Quick Link: Help Animals Survive the War in Ukraine (Click on link to donate.)
Latest updates on the Help Animals Survive the War in Ukraine fundraiser
Highlights for the month of July include:– local and international adoptions picking up despite the challenges– shelters preparing for the winter and taking on long overdue repairs– delivering pet food all over Ukraine and fostering new partnerships… and so much more!
A Letter from Dr. Marina Bayeva:
On August 24th, it will be six months (!) since Russia invaded Ukraine. Six months with no end in sight! I cannot put into words all the pain and devastation that the war has brought to my home country. Yet, people of Ukraine persevere, coming together to help one another in acts of everyday heroism. And your continued support of shelters in Dnipro is literally allowing 1000+ animals to get another chance at life. Thanks to the new and returning donors, this month we raised $3,315 and, with what was left from last month, a total of $3,500 was distributed to the shelters.
Thank you to all the new and returning donors for your generous support this month! With the war now in its sixth month, animal shelters need help more than ever. If you are able to, please donate again, and continue spreading the word about this initiative. Perhaps you know a corporate sponsor interested in giving a designated gift, or a journalist eager to feature the story. I will greatly appreciate any kind of help!
The influx of animals, often with serious injuries and chronic infections, continues full steam and shelters are responding by stretching their limits to help as many animals as possible. This means securing extra food and supplies, paying soaring veterinary bills, and getting creative to avoid overcrowding. Luckily, adoptions are also picking up. Remember all those newborn kittens and puppies who over the last two months kept shelter workers on the brink of despair? These babies are growing up and finding new families (see here and here). And so are the animals rescued from occupied territories. In parallel, shelters are preparing for the winter – fixing enclosures, attending to those long-overdue structural repairs, and making sure heating systems are working properly.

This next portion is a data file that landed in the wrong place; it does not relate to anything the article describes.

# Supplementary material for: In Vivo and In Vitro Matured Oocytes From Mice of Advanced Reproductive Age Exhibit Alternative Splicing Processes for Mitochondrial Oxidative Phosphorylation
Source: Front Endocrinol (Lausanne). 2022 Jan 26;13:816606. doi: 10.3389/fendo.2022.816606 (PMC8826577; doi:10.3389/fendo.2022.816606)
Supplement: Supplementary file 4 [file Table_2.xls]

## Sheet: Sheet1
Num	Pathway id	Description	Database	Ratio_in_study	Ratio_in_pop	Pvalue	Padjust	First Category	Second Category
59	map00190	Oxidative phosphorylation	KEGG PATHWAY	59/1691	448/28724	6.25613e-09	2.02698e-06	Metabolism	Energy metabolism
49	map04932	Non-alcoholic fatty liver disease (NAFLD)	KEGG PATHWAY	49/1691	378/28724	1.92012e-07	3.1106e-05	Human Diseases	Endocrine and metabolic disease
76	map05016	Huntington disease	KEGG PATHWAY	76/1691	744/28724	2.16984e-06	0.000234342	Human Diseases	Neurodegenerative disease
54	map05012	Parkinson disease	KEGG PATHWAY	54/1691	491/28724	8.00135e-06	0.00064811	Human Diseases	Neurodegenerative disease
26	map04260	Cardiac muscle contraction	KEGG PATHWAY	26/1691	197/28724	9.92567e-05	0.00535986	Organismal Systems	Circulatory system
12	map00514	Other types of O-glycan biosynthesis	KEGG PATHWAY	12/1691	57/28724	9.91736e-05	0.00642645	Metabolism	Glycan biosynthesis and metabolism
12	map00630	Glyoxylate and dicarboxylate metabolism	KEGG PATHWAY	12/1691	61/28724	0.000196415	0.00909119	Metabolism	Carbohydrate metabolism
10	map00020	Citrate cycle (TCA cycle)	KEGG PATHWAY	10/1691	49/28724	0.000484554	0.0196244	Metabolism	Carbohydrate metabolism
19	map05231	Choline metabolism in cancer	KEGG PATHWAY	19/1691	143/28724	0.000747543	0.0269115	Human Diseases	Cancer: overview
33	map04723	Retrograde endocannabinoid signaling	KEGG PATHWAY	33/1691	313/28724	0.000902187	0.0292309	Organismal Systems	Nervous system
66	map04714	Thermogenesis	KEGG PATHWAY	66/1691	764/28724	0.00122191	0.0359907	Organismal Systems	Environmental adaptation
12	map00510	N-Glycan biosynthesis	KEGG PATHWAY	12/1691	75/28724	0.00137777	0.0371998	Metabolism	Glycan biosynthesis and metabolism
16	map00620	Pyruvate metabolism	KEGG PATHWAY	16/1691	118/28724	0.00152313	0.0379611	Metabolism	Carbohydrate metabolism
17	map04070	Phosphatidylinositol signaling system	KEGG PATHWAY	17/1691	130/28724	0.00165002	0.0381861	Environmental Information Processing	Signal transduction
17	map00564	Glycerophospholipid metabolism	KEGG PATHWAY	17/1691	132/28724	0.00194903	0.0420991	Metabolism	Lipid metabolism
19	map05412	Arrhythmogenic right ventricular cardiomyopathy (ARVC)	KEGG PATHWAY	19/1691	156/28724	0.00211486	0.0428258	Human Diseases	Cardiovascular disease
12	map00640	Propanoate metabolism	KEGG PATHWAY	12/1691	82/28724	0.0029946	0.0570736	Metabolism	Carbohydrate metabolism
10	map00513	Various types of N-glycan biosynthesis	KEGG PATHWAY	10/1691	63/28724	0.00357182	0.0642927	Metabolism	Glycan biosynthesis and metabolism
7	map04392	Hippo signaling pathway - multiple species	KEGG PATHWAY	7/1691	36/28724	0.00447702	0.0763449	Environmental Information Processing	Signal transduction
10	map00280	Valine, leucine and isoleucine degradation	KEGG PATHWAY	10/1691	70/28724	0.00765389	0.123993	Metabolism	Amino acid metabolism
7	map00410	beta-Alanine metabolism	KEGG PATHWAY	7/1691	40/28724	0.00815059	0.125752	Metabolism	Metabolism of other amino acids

Finally, new partnerships are sprouting, thanks to tips and introductions from some of you! This month, I helped Ms. Olena Anisimova to connect with the Society for the Care of Animals in Poland which will donate ~2 tons of animal food for distribution all over Ukraine. Another partnership between Ms. Anisimova and the animal welfare branch of Nova Ukraine, a large non-profit dedicated to supporting Ukrainians during the war and beyond, is also in the works. And I am beyond grateful to the Little Justice Leaders for featuring our fundraiser as a part of their Animal Protection Advocacy Box for July.
Thank you again for everything you’ve done to help animals survive the war in Ukraine. Unfortunately, the need for your support is ongoing, so please donate again if you are able to, or help in any other way you can – by encouraging others to contribute, publicizing the fundraiser (you can copy and paste this link), recruiting corporate sponsors, or connecting me with animal welfare activists, advocacy groups, journalists, etc. Please, help me help the animals of Dnipro to survive this war!
About the Author
Marina Bayeva, MD, PhD was born and raised in Dnipro, Ukraine and is a Fellow in Hospital-Based Psychotherapy at The Austen Riggs Center in Massachusetts. Dr. Bayeva’s devotion to animal welfare causes began in childhood. She collected lunch scraps from the cafeteria for street cats while she convinced her parents to let her have a cat of her own, adding to their menagerie of guinea pigs, hamsters and birds. Dr. Bayeva’s parents still live in Dnipro, where her aid efforts to local shelters and rescue organizations have been focused. She currently shares her home with two rescued cats Herman and Tyson and her rescued dog, Henry, who loves to steal Impossible burgers from the freezer.
Listen to an inspiring BARKS podcast featuring Dr. Bayeva: